In response to an inquiry by Senators Chuck Grassley (R-IA) and Ron Wyden (D-OR), the Government Accountability Office (GAO) issued a report examining Medicaid disproportionate share hospital (DSH) payments. ANCOR is sharing this report because disproportionate share hospitals support populations, including people with disabilities, who receive most of their health care supports through the Medicaid program.
“Across states, GAO found that total DSH payments varied significantly in 2014. DSH payment levels are generally tied to state DSH spending in 1992 and since 1993 states have been subject to a limit on the amount of federal funding that may be used for DSH payments.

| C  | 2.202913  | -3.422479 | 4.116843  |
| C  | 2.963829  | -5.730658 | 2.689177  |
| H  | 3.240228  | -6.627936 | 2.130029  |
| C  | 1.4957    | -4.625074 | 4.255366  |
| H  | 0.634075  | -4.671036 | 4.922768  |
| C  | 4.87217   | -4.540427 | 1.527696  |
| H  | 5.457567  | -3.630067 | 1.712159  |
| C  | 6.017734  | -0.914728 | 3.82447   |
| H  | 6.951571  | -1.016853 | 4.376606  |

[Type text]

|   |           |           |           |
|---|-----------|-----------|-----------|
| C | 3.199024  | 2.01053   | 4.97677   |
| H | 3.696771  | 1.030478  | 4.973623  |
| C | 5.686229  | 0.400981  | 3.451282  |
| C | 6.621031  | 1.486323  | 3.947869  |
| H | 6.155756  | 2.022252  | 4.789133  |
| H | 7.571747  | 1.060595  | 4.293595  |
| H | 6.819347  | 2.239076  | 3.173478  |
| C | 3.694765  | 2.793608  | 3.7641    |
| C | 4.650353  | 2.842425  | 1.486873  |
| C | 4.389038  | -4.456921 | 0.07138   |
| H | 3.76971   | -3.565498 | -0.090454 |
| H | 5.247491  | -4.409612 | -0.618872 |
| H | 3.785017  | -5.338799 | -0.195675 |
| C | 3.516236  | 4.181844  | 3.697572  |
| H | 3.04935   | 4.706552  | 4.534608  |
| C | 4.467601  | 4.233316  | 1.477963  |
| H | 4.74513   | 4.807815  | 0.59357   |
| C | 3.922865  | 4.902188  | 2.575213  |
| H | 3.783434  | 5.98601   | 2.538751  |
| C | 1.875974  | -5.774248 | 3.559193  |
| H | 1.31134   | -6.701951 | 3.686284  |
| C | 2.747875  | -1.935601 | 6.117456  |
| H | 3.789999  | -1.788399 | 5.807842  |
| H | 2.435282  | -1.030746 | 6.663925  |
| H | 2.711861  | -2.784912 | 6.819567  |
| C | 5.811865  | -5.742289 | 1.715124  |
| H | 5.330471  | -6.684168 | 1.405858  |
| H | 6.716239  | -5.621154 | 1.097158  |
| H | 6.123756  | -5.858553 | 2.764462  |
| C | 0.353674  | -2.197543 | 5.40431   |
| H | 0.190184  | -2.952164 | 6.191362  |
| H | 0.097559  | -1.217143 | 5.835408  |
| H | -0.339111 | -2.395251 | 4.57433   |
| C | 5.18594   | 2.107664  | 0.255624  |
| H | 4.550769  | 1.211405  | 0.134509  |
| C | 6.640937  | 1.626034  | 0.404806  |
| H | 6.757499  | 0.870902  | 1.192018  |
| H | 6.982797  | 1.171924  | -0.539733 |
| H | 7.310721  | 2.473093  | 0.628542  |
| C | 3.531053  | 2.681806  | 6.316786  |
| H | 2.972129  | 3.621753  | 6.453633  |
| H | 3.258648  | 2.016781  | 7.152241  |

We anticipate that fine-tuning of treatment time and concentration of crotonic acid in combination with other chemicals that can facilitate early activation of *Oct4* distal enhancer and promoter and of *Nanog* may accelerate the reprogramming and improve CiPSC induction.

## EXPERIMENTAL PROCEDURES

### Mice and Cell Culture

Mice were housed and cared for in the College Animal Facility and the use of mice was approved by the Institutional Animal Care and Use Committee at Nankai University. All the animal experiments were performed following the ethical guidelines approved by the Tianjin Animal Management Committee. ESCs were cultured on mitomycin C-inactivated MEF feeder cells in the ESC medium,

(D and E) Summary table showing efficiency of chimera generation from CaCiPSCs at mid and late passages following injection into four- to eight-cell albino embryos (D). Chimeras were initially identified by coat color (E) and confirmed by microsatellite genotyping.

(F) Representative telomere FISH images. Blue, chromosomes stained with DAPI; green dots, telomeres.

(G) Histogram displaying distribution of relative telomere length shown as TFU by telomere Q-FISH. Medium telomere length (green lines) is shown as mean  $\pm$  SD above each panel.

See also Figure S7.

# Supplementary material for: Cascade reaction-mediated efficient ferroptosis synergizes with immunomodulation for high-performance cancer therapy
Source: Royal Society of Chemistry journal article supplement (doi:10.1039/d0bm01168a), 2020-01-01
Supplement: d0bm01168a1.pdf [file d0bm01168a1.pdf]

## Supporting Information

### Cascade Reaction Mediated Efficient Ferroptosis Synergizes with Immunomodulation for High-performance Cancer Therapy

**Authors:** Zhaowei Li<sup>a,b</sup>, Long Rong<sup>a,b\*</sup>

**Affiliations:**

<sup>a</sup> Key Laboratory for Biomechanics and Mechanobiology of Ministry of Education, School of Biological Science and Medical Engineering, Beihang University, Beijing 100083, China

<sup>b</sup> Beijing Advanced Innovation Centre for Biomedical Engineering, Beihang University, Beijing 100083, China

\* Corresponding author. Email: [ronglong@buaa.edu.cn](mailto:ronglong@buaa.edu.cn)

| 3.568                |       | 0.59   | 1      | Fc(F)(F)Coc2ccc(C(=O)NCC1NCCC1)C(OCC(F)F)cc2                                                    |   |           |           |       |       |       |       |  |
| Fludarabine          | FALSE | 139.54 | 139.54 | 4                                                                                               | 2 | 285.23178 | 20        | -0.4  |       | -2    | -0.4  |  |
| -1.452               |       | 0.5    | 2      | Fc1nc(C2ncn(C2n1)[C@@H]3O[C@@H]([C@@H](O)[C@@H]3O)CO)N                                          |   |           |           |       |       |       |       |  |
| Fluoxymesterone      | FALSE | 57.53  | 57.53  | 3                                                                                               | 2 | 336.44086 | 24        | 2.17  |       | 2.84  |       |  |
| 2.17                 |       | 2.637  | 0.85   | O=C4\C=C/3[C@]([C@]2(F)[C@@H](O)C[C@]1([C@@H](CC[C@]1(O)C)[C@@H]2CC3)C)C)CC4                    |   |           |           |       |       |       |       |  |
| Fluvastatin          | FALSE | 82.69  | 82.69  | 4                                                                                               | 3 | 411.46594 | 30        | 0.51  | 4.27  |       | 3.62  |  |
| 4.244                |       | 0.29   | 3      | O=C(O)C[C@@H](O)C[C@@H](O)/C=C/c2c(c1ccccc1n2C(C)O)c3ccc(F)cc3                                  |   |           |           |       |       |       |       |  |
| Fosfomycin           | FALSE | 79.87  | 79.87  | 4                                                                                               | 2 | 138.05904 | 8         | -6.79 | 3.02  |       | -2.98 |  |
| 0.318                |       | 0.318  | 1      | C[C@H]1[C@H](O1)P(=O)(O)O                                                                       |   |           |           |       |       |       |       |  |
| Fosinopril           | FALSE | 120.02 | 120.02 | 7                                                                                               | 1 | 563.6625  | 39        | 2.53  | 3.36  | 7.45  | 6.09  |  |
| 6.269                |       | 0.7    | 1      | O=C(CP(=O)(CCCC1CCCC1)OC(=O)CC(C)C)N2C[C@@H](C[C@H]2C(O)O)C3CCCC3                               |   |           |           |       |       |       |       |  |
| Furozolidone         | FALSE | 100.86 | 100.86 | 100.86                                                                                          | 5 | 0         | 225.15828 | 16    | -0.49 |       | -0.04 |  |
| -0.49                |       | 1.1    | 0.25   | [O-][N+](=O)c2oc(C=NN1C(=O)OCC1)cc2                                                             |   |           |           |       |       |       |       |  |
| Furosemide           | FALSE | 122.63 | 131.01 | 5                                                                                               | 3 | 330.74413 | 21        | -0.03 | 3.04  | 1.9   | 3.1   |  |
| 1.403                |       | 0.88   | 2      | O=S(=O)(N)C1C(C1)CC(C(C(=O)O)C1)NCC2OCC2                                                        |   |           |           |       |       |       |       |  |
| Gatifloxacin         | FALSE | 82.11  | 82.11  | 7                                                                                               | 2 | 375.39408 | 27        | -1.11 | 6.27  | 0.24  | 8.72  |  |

The amount of DSH payments made to hospitals varied significantly by state. Among hospitals receiving DSH payments, nationally:
- Medicaid DSH payments covered 51 percent of the uncompensated care costs. In 19 states, DSH payments covered at least 50 percent of uncompensated care costs.
- DSH payments comprised about 14 percent of total Medicaid payments, yet wide variation existed. For example, DSH payments comprised about 97 percent of Medicaid payments to DSH hospitals in Maine and 0.7 percent of Medicaid payments to DSH hospitals in Tennessee.
Some types of hospitals received a greater proportion of DSH payments relative to their share of total uncompensated care costs. For example, states generally provided more DSH payments to public hospitals (in comparison to private and non-profit hospitals) and teaching hospitals (as compared to non-teaching hospitals) relative to their share of total uncompensated care costs.”